The Archbishop questioned why removal causes 'so much agony' at a speech earlier this yearROGER HARRIS/WIKIMEDIA COMMONS (CC BY 3.0)

The Archbishop of Canterbury has condemned the decision to keep the memorial of slave trade investor Tobias Rustat in Jesus College’s chapel.

In a statement on Tuesday (12/4), Justin Welby said that “Memorials to slave-traders do not belong in places of worship.”

He added: “If we are content with a situation where people of colour are excluded from places of worship because of the pain caused by such memorials, then clearly we have a lot further to go in our journey towards racial justice.”

The memorial has been a long-standing source of controversy owing to Rustat’s involvement in the slave trade. The 17th century donor to the College had investments in the Royal African Company and the Royal Adventurers, both of which traded enslaved Africans.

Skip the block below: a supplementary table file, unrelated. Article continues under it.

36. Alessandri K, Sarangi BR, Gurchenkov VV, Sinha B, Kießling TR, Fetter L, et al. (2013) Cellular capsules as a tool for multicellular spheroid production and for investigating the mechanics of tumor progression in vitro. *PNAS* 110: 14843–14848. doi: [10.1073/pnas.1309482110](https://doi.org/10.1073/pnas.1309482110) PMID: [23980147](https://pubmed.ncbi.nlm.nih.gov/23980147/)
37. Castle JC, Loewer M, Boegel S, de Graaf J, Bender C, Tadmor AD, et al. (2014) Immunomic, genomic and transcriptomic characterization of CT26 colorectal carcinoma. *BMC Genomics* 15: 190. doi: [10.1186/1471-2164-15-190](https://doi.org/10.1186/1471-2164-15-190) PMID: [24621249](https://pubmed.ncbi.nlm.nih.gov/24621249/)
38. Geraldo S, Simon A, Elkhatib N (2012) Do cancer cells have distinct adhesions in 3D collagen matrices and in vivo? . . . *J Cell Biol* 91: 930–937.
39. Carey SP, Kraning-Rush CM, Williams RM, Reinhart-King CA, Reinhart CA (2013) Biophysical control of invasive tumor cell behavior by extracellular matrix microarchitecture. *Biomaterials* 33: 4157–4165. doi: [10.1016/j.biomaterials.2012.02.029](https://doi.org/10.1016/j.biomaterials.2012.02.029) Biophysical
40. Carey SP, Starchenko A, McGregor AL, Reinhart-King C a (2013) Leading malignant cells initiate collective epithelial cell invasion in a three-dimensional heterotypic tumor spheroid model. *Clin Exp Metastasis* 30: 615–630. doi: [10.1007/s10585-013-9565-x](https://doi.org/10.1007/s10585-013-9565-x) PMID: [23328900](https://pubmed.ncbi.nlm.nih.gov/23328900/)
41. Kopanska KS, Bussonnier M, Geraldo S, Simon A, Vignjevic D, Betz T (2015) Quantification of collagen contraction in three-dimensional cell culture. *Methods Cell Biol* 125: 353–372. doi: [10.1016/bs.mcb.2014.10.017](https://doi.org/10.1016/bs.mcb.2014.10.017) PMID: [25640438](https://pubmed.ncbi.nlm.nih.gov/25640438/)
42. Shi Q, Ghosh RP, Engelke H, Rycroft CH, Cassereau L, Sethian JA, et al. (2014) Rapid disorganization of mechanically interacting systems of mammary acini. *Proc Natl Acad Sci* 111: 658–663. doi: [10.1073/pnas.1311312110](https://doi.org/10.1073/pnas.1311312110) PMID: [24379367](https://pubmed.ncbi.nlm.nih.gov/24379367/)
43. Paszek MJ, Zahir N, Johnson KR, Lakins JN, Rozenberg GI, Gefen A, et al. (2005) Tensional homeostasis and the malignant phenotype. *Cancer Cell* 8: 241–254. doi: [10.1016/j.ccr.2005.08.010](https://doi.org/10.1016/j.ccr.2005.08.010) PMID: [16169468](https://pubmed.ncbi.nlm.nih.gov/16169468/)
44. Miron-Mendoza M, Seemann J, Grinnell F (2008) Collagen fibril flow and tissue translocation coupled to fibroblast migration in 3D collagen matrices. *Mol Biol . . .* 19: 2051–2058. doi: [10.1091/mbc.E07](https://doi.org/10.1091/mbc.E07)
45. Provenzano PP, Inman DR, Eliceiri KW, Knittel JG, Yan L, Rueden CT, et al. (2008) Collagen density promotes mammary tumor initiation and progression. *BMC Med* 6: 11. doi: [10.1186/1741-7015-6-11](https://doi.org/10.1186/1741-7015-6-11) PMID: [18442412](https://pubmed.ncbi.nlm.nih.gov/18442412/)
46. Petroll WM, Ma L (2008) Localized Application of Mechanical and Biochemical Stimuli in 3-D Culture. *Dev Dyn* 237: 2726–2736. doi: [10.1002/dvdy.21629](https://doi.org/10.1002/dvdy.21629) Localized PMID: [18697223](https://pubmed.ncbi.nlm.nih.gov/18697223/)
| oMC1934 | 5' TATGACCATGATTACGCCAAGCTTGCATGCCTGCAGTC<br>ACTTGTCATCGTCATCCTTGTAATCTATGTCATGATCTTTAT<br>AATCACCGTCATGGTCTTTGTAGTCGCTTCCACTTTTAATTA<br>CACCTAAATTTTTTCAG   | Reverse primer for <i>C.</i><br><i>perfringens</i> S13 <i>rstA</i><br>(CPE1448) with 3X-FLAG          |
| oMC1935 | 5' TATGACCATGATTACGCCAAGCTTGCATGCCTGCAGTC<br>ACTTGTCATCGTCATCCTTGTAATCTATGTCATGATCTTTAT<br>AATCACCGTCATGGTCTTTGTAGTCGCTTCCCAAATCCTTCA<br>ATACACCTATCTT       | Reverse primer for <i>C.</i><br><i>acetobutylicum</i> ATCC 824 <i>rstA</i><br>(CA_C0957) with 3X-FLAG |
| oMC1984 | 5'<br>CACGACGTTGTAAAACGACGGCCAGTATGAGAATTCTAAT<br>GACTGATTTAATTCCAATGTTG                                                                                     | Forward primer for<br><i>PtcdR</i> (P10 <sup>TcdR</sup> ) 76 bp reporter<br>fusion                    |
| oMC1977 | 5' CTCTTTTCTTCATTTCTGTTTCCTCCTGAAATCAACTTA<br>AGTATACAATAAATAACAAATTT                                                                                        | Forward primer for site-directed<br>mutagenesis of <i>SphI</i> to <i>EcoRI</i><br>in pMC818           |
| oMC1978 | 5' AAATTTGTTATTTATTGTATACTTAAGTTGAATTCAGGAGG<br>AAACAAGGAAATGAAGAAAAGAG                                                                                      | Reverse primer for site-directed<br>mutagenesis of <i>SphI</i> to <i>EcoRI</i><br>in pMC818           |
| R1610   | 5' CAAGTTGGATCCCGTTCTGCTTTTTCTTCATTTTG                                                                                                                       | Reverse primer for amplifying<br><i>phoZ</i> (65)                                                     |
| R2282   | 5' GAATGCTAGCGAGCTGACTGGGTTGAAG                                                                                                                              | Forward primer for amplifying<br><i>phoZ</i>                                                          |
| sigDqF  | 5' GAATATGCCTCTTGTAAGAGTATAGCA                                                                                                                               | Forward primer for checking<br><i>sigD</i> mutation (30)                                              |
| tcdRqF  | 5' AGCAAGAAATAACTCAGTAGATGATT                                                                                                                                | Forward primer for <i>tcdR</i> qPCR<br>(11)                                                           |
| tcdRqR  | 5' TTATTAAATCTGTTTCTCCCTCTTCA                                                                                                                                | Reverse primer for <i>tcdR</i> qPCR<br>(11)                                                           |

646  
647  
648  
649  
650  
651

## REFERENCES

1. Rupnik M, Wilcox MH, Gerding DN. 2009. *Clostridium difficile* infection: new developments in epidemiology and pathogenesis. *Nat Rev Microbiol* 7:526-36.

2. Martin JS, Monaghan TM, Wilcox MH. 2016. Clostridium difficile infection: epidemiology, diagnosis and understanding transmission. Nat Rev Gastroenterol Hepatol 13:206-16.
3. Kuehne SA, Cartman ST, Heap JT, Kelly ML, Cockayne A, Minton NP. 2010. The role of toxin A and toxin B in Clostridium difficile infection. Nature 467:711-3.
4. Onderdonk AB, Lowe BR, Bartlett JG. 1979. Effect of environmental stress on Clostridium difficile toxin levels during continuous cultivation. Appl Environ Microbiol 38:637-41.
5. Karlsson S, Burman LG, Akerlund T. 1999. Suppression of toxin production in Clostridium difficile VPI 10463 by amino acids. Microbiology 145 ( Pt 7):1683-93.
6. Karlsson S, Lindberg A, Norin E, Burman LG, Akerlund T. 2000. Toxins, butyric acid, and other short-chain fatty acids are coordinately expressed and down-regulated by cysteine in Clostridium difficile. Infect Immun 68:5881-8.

The Church court concluded last month (23/3) that the College’s case to remove the memorial was based on a “false narrative” that Rustat had gained most of his wealth from the slave trade and that this money had been used to benefit the college.

While confirming that he did not doubt the legality of the decision, Archbishop Justin Welby reaffirmed his support for the removal of the memorial.

Speaking earlier this year (11/2) at a meeting of Church leaders, Welby asked: “Why is it so much agony to remove a memorial to slavery?” and pointed to the distress the memorial caused to ancestors of enslaved peoples.

Welby's move will boost Jesus College's calls for the Church of England to change how it handles racial injustice and contested heritage.

Sonita Alleyne, the Jesus master and first black woman to lead an Oxbridge college, described these current procedures as “not fit for purpose”, and said that the court’s decision showed “a lack of understanding of the lived experience of people of colour in modern Britain.”


Mountain View

Church court rules to keep Rustat memorial in Jesus College chapel

Despite this, the College will not appeal the ruling since the grounds for appeal are limited, and the time and costs involved would be “significant.”